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Prediabetes and increased risk for diabetes and other health problems

If you have prediabetes, you have blood sugar levels that are elevated (higher than normal), but not high enough to for the diagnosis of diabetes. However, your risk of developing type 2 diabetes is dramatically increased. You are not alone, the US Centers for Disease Control and Prevention (CDC) estimates that 1 in 3 adults over the age of 20 in the US has prediabetes. Approximately 70% of these will develop type 2 diabetes at some point in the future.1

Learning that you have prediabetes can be scary. However, there is a positive side to this discovery. Getting this news means that you have caught a serious health condition in the early stages while it is developing. This gives you time and motivation to make life changes that can prevent progression to type 2 diabetes.

Look at it this way, you have a second chance to take positive steps that can make a powerful difference in protecting you from health problems like heart disease, stroke, kidney disease, vision problems, and other complications that are common with type 2 diabetes. The earlier you take action to manage your elevated blood glucose, the better chance you will have at slowing down or even stopping the progression to type 2 diabetes.

Research has shown that people who have prediabetes who lose weight and get regular physical activity can prevent or delay progression to type 2 diabetes and, in some cases, even get their blood glucose levels to return to the normal range. Additionally, elevated blood glucose and prediabetes are often part of a set of interrelated health problems, including high blood pressure and abnormal lipids (elevated triglycerides, and decreased high-density lipoprotein [HDL] cholesterol). In many people these health problems, along with increased body weight, are present before blood glucose becomes elevated and are part of a larger pattern of health issues that contribute to the development of type 2 diabetes. So, in addition to losing weight and becoming more active, you should work with your doctor to make sure that your blood pressure and lipids are well controlled.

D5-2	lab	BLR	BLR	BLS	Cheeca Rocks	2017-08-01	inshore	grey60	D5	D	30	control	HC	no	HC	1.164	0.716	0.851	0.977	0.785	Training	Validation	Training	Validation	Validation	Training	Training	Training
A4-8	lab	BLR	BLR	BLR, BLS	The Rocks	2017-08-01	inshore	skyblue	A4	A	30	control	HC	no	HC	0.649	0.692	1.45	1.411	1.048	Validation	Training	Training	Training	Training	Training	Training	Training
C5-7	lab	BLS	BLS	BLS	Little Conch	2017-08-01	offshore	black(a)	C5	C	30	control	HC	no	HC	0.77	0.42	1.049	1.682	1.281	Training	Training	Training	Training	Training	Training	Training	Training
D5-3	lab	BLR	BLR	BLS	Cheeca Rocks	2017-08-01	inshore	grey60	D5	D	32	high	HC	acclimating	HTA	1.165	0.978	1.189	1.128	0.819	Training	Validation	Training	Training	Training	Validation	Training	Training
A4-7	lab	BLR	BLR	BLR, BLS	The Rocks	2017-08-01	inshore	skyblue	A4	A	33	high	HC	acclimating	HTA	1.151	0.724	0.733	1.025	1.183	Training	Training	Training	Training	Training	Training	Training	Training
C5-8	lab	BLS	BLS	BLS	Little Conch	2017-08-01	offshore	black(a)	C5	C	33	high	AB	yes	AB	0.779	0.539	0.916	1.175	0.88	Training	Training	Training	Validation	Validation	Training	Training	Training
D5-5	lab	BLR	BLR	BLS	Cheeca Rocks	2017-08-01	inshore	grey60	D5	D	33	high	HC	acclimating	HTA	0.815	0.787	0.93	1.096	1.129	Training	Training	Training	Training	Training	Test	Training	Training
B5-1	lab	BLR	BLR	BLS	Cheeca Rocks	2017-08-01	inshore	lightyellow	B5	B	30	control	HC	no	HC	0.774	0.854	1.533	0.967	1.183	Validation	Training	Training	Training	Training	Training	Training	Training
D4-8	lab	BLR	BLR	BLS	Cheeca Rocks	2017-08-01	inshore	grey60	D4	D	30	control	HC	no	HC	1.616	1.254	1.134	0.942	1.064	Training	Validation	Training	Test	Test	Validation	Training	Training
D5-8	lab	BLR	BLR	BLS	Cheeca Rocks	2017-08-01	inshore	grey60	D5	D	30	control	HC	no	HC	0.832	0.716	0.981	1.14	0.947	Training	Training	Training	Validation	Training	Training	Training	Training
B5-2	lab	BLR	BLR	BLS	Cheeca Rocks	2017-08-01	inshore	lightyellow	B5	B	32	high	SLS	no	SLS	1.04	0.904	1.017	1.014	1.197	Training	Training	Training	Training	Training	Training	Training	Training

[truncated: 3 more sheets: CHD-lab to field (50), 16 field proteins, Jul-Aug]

Learn more about controlling blood pressure and lipids.

Diagnosing prediabetes

Your doctor will use blood glucose testing to determine if you have prediabetes. Several different tests are useful in determining whether you have elevated blood glucose. Two terms that are sometimes used to describe prediabetes are impaired fasting glucose (IFG) and impaired glucose tolerance (IGT). IFG is determined using a fasting blood glucose test that measures blood sugar after a fasting period of 8 hours. You usually fast over night and have your blood drawn in the morning. IGT can be tested using a simple random (non-fasting) blood glucose test. Additionally, a oral glucose tolerance test can be used to screen for IGT.

The most widely used test to diagnose prediabetes is the hemoglobin A1C test. This is simple blood test that does not require fasting or eating or drinking anything special. A diagnosis of prediabetes can be made if your A1C falls within the range of 5.7% to 6.4%. Your doctor may also use a fasting blood glucose test to diagnose prediabetes. If your fasting blood glucose level is at or higher than 100 mg/dL and no higher than 125 mg/dL, the test is considered positive for prediabetes.2

Whichever of these tests your doctor uses, an initial positive test must be confirmed by the results from a second positive test in order to make a diagnosis. 2

Diagnosing Prediabetes



Hemoglobin A1C 5.7–6.4%
Fasting blood glucose 100–125 mg/dL
Random blood glucose 140–199 mg/dL
Oral glucose tolerance test† 140 to 199 mg/dL